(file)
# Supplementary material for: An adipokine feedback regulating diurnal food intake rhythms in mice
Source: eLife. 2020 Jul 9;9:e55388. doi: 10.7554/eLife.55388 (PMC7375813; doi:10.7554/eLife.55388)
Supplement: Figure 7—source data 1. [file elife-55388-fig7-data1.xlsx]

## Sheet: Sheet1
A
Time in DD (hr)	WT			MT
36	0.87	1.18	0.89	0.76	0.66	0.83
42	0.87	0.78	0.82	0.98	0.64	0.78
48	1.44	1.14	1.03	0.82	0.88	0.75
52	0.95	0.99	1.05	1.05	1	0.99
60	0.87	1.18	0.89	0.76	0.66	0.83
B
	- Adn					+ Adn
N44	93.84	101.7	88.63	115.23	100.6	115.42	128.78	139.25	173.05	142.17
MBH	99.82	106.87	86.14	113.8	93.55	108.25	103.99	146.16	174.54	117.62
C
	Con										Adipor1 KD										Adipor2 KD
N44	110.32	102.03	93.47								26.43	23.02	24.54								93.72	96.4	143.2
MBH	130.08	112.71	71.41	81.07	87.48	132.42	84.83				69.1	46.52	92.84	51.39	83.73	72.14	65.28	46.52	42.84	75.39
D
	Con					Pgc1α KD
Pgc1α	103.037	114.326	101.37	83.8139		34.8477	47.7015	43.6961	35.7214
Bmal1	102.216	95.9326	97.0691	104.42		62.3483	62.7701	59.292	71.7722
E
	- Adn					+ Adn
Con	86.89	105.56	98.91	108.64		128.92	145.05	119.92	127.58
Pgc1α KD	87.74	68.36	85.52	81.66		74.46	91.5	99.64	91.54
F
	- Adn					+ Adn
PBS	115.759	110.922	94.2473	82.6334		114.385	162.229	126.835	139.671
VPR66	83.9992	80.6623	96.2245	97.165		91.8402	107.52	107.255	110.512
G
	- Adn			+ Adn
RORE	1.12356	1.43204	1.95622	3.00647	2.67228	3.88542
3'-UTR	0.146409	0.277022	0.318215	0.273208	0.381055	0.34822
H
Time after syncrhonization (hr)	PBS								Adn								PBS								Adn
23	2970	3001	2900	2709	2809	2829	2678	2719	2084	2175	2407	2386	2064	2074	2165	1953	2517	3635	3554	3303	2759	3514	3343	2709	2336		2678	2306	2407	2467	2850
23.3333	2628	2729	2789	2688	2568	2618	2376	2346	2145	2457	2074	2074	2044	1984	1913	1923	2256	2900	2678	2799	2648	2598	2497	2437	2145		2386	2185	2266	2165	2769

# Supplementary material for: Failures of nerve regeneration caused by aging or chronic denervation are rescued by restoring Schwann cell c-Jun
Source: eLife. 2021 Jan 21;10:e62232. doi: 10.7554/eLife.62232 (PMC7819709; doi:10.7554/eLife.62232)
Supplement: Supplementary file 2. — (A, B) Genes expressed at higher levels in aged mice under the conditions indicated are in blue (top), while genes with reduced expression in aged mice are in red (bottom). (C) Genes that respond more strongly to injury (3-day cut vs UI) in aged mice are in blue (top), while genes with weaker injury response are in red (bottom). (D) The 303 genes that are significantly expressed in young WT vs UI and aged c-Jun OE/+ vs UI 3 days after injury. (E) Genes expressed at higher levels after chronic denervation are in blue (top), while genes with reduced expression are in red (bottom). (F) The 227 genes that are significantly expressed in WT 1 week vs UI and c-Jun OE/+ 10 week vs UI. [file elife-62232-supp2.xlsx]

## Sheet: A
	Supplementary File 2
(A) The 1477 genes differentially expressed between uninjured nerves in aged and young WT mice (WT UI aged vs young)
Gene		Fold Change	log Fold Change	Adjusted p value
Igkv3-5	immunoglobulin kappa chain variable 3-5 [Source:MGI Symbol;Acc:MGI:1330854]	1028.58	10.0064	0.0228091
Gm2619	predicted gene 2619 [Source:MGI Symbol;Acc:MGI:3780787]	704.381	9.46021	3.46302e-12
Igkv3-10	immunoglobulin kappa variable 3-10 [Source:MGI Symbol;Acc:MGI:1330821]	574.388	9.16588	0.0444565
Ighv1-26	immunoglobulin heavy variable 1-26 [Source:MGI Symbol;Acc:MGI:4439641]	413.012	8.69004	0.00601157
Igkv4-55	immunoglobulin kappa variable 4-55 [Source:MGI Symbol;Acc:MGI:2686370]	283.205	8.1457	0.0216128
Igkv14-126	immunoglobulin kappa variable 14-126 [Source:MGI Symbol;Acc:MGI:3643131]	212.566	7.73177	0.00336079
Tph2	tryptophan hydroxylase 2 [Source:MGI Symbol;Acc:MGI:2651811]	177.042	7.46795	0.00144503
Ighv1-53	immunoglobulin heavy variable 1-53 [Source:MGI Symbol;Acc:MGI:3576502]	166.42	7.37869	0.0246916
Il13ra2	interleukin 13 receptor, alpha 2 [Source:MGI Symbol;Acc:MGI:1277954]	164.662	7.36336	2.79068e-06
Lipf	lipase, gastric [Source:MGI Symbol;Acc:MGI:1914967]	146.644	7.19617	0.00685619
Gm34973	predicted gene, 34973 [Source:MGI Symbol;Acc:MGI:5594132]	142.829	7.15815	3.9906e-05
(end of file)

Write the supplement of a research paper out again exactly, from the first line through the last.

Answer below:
# Supplementary material for: An adipokine feedback regulating diurnal food intake rhythms in mice
Source: eLife. 2020 Jul 9;9:e55388. doi: 10.7554/eLife.55388 (PMC7375813; doi:10.7554/eLife.55388)
Supplement: Figure 7—source data 1. [file elife-55388-fig7-data1.xlsx]

## Sheet: Sheet1
A
Time in DD (hr)	WT			MT
36	0.87	1.18	0.89	0.76	0.66	0.83
42	0.87	0.78	0.82	0.98	0.64	0.78
48	1.44	1.14	1.03	0.82	0.88	0.75
52	0.95	0.99	1.05	1.05	1	0.99
60	0.87	1.18	0.89	0.76	0.66	0.83
B
	- Adn					+ Adn
N44	93.84	101.7	88.63	115.23	100.6	115.42	128.78	139.25	173.05	142.17
MBH	99.82	106.87	86.14	113.8	93.55	108.25	103.99	146.16	174.54	117.62
C
	Con										Adipor1 KD										Adipor2 KD
N44	110.32	102.03	93.47								26.43	23.02	24.54								93.72	96.4	143.2
MBH	130.08	112.71	71.41	81.07	87.48	132.42	84.83				69.1	46.52	92.84	51.39	83.73	72.14	65.28	46.52	42.84	75.39
D
	Con					Pgc1α KD
Pgc1α	103.037	114.326	101.37	83.8139		34.8477	47.7015	43.6961	35.7214
Bmal1	102.216	95.9326	97.0691	104.42		62.3483	62.7701	59.292	71.7722
E
	- Adn					+ Adn
Con	86.89	105.56	98.91	108.64		128.92	145.05	119.92	127.58
Pgc1α KD	87.74	68.36	85.52	81.66		74.46	91.5	99.64	91.54
F
	- Adn					+ Adn
PBS	115.759	110.922	94.2473	82.6334		114.385	162.229	126.835	139.671
VPR66	83.9992	80.6623	96.2245	97.165		91.8402	107.52	107.255	110.512
G
	- Adn			+ Adn
RORE	1.12356	1.43204	1.95622	3.00647	2.67228	3.88542
3'-UTR	0.146409	0.277022	0.318215	0.273208	0.381055	0.34822
H
Time after syncrhonization (hr)	PBS								Adn								PBS								Adn
23	2970	3001	2900	2709	2809	2829	2678	2719	2084	2175	2407	2386	2064	2074	2165	1953	2517	3635	3554	3303	2759	3514	3343	2709	2336		2678	2306	2407	2467	2850
23.3333	2628	2729	2789	2688	2568	2618	2376	2346	2145	2457	2074	2074	2044	1984	1913	1923	2256	2900	2678	2799	2648	2598	2497	2437	2145		2386	2185	2266	2165	2769

# Supplementary material for: Failures of nerve regeneration caused by aging or chronic denervation are rescued by restoring Schwann cell c-Jun
Source: eLife. 2021 Jan 21;10:e62232. doi: 10.7554/eLife.62232 (PMC7819709; doi:10.7554/eLife.62232)
Supplement: Supplementary file 2. — (A, B) Genes expressed at higher levels in aged mice under the conditions indicated are in blue (top), while genes with reduced expression in aged mice are in red (bottom). (C) Genes that respond more strongly to injury (3-day cut vs UI) in aged mice are in blue (top), while genes with weaker injury response are in red (bottom). (D) The 303 genes that are significantly expressed in young WT vs UI and aged c-Jun OE/+ vs UI 3 days after injury. (E) Genes expressed at higher levels after chronic denervation are in blue (top), while genes with reduced expression are in red (bottom). (F) The 227 genes that are significantly expressed in WT 1 week vs UI and c-Jun OE/+ 10 week vs UI. [file elife-62232-supp2.xlsx]

## Sheet: A
	Supplementary File 2
(A) The 1477 genes differentially expressed between uninjured nerves in aged and young WT mice (WT UI aged vs young)
Gene		Fold Change	log Fold Change	Adjusted p value
Igkv3-5	immunoglobulin kappa chain variable 3-5 [Source:MGI Symbol;Acc:MGI:1330854]	1028.58	10.0064	0.0228091
Gm2619	predicted gene 2619 [Source:MGI Symbol;Acc:MGI:3780787]	704.381	9.46021	3.46302e-12
Igkv3-10	immunoglobulin kappa variable 3-10 [Source:MGI Symbol;Acc:MGI:1330821]	574.388	9.16588	0.0444565
Ighv1-26	immunoglobulin heavy variable 1-26 [Source:MGI Symbol;Acc:MGI:4439641]	413.012	8.69004	0.00601157
Igkv4-55	immunoglobulin kappa variable 4-55 [Source:MGI Symbol;Acc:MGI:2686370]	283.205	8.1457	0.0216128
Igkv14-126	immunoglobulin kappa variable 14-126 [Source:MGI Symbol;Acc:MGI:3643131]	212.566	7.73177	0.00336079
Tph2	tryptophan hydroxylase 2 [Source:MGI Symbol;Acc:MGI:2651811]	177.042	7.46795	0.00144503
Ighv1-53	immunoglobulin heavy variable 1-53 [Source:MGI Symbol;Acc:MGI:3576502]	166.42	7.37869	0.0246916
Il13ra2	interleukin 13 receptor, alpha 2 [Source:MGI Symbol;Acc:MGI:1277954]	164.662	7.36336	2.79068e-06
Lipf	lipase, gastric [Source:MGI Symbol;Acc:MGI:1914967]	146.644	7.19617	0.00685619
Gm34973	predicted gene, 34973 [Source:MGI Symbol;Acc:MGI:5594132]	142.829	7.15815	3.9906e-05